Reuters, "never really been known for its cutting-edge advances," will unveil Project Utah, the final leg of a $1 billion technology investment to upgrade its systems reports James Ashton in the Sunday Times, Thomson Reuters explodes into web age. Some of the changes mirror Reuters’ rivals, Dow Jones and Bloomberg, which have been making IT investments during the current recession. “People who grew up with Google have totally different expectations of how to interact with information and media. We can’t ignore that, "said Devin Wenig who runs Thompson Reuters market division.
Almost two years in the planning, and arriving early next spring reports Ashton, Project Utah aims to create a common platform for all of Thomson Reuters’ 200 financial products for the first time, making Reuters’ systems simpler to use. “We are not going to be the greatest technology company in the world and nor should we be,” said Devin Wenig who runs Thompson Reuters market division. “But technology is an enabler. We have to put money into it. We can’t just talk about it.” [JH]
No One Likes Heller (Or Why I'm Having the Citator Blues Again)
Like so many (or perhaps so few), on June 26, 2008, I anxiously awaited for the United States Supreme Court’s decision in District of Columbia v. Heller, 128 S.Ct. 2783 (2008) to be handed down. The Court held that the Second Amendment confers an individual right to keep and bear arms. The decision itself affects me in no way, but it was about time for the Court to decide the issue. Within days of the decision being handed down, I spent some time testing Precydent (the free legal research database with a citator). Heller did not show up, though Kennedy v. Louisiana, 128 S.Ct. 2641 (2008), which was decided the day before Heller came down, showed up on Precydent. And to this day, Heller does not appear on Precydent. So toss Precydent from your vocabulary.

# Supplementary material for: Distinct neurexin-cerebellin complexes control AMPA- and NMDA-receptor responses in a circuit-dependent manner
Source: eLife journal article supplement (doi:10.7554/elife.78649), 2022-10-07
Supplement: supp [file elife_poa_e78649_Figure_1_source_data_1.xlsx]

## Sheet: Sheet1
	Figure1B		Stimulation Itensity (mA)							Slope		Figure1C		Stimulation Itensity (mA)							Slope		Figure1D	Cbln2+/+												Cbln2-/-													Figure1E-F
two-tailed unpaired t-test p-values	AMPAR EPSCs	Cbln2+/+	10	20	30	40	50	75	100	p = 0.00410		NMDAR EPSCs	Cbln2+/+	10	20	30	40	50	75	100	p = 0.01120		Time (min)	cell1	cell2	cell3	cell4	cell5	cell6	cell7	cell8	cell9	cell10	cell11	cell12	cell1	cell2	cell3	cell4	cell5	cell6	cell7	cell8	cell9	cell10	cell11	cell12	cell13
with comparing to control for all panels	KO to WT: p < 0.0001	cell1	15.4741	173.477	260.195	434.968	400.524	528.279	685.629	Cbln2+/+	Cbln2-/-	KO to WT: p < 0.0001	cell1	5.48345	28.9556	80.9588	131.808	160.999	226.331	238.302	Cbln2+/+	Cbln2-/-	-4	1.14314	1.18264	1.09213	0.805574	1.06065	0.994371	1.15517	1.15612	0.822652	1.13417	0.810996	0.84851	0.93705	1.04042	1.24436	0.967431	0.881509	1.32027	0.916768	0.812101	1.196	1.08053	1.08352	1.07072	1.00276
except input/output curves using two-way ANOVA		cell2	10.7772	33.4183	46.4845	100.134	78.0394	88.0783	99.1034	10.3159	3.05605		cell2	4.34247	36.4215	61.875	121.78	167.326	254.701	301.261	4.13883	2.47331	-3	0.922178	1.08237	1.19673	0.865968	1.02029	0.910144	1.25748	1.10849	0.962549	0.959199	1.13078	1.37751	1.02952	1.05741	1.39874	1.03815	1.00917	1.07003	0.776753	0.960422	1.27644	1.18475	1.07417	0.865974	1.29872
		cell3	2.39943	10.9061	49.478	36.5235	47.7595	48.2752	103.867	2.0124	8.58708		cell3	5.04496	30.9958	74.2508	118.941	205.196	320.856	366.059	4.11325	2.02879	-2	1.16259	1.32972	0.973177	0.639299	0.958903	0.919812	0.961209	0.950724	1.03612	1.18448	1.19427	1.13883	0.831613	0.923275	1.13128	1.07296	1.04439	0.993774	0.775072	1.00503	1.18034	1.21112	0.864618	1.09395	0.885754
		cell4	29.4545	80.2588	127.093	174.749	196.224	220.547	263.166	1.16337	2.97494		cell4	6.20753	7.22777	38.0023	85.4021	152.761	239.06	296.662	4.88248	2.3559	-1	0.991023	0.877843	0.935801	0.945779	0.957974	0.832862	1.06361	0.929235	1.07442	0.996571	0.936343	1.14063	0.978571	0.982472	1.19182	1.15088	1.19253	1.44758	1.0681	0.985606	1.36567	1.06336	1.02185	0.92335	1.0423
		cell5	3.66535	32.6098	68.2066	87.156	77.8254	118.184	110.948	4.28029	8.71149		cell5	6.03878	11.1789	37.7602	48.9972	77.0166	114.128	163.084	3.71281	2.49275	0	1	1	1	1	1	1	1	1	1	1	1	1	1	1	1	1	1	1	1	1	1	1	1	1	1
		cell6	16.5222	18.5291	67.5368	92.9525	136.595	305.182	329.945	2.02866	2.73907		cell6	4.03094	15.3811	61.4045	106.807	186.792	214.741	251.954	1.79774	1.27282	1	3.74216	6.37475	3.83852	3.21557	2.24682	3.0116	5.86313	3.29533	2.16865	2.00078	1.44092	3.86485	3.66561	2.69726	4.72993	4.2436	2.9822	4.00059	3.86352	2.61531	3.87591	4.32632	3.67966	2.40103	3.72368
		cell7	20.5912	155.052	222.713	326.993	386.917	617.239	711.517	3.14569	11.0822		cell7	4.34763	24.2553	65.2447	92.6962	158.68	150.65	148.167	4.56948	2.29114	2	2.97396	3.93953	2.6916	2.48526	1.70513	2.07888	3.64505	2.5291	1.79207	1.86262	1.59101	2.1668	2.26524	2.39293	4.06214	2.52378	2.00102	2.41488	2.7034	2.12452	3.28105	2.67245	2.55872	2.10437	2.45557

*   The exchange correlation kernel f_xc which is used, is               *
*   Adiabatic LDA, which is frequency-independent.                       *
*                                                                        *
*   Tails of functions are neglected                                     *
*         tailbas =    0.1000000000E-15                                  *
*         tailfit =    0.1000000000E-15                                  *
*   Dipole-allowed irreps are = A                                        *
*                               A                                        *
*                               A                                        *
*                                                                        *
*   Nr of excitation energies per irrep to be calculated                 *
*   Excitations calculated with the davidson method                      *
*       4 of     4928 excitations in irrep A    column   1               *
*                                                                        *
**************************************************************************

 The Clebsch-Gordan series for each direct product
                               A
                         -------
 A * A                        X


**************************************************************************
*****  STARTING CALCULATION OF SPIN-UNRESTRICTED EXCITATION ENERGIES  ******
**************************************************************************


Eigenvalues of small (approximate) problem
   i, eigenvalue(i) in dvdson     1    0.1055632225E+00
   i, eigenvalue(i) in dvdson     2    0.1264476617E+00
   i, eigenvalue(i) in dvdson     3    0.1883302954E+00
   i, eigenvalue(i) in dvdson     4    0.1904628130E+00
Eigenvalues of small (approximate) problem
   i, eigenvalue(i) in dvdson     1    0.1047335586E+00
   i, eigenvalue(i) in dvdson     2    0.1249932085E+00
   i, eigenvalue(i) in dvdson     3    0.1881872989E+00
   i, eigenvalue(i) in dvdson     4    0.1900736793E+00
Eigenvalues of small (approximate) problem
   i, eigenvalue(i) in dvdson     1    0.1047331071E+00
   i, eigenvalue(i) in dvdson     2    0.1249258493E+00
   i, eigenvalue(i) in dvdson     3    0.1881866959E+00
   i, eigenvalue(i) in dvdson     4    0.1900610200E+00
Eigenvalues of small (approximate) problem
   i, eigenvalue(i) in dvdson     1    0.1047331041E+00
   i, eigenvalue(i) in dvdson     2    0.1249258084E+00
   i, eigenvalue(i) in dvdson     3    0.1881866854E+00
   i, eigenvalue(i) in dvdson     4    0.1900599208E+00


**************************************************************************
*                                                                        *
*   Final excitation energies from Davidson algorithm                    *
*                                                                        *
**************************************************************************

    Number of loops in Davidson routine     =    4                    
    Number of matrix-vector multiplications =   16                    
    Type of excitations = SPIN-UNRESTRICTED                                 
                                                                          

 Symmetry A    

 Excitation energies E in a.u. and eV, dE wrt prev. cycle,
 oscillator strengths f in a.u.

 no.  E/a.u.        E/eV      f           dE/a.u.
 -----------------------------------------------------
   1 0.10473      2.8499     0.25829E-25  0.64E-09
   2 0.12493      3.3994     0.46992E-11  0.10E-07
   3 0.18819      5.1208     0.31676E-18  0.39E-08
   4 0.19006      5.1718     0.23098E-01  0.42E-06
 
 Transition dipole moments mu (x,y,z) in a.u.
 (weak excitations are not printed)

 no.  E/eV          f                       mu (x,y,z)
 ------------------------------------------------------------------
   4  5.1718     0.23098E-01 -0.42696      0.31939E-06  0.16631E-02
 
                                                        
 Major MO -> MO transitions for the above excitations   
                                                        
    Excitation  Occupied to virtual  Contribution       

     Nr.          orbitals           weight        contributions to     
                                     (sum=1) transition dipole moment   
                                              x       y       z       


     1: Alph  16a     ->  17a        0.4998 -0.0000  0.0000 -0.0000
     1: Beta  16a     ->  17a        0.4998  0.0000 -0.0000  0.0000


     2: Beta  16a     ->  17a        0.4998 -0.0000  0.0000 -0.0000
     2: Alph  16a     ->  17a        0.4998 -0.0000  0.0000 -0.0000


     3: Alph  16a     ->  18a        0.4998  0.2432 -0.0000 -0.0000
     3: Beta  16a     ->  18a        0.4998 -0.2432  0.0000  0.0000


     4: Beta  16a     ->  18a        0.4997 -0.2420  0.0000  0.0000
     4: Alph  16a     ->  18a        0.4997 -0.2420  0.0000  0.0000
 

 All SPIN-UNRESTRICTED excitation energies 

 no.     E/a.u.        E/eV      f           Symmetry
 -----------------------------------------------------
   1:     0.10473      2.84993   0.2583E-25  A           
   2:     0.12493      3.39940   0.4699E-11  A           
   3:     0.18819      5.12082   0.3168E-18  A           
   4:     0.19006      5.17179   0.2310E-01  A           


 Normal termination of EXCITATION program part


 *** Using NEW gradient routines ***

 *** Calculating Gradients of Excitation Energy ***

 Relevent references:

Recently I spent time looking for examples of cases to illustrate how Keycite (Westlaw), Shepard’s (Lexis) and Authority Check (Fastcase) work for my Lawyering Skills 1 class. On Westlaw, I first ran a search for the “Second Amendment” and the “right to bear arms” in the Westlaw’s Sixth Circuit database. I stumbled on a case, United States v. Napier, 233 F.3d 394 (6th Cir. 2000) which held that the Second Amendment to the United States Constitution does not grant an individual right to bear arms, but rather the right pertains only to militias. And at the time Napier was decided, the issue was for the Sixth Circuit to decide in any way it saw fit. Well, as of today [ed. note - submitted to LLB on Aug. 26th] Keycite indicates that Napier was mentioned in the Heller dissent. However, Napier was clearly overruled, not just mentioned. By looking at Keycite’s status flag (a green C, indicating that the case has been cited but there is not neccessarily negative authority) one who was not aware of Heller’s existence may reasonably believe that there is no individual right to bear arms under the United States Constitution. And that in itself is fine. I would like more from Westlaw editors, i.e. to follow up on cases that are cited in concurring and dissenting opinions, but I’ll accept that green flag as being consistent with Keycite policy, i.e. paying little if no attention to concurring and dissenting opinions and only paying attention to cases cited in majority opinions. What I believe to be disturbing, however, is how Westlaw markets Keycite.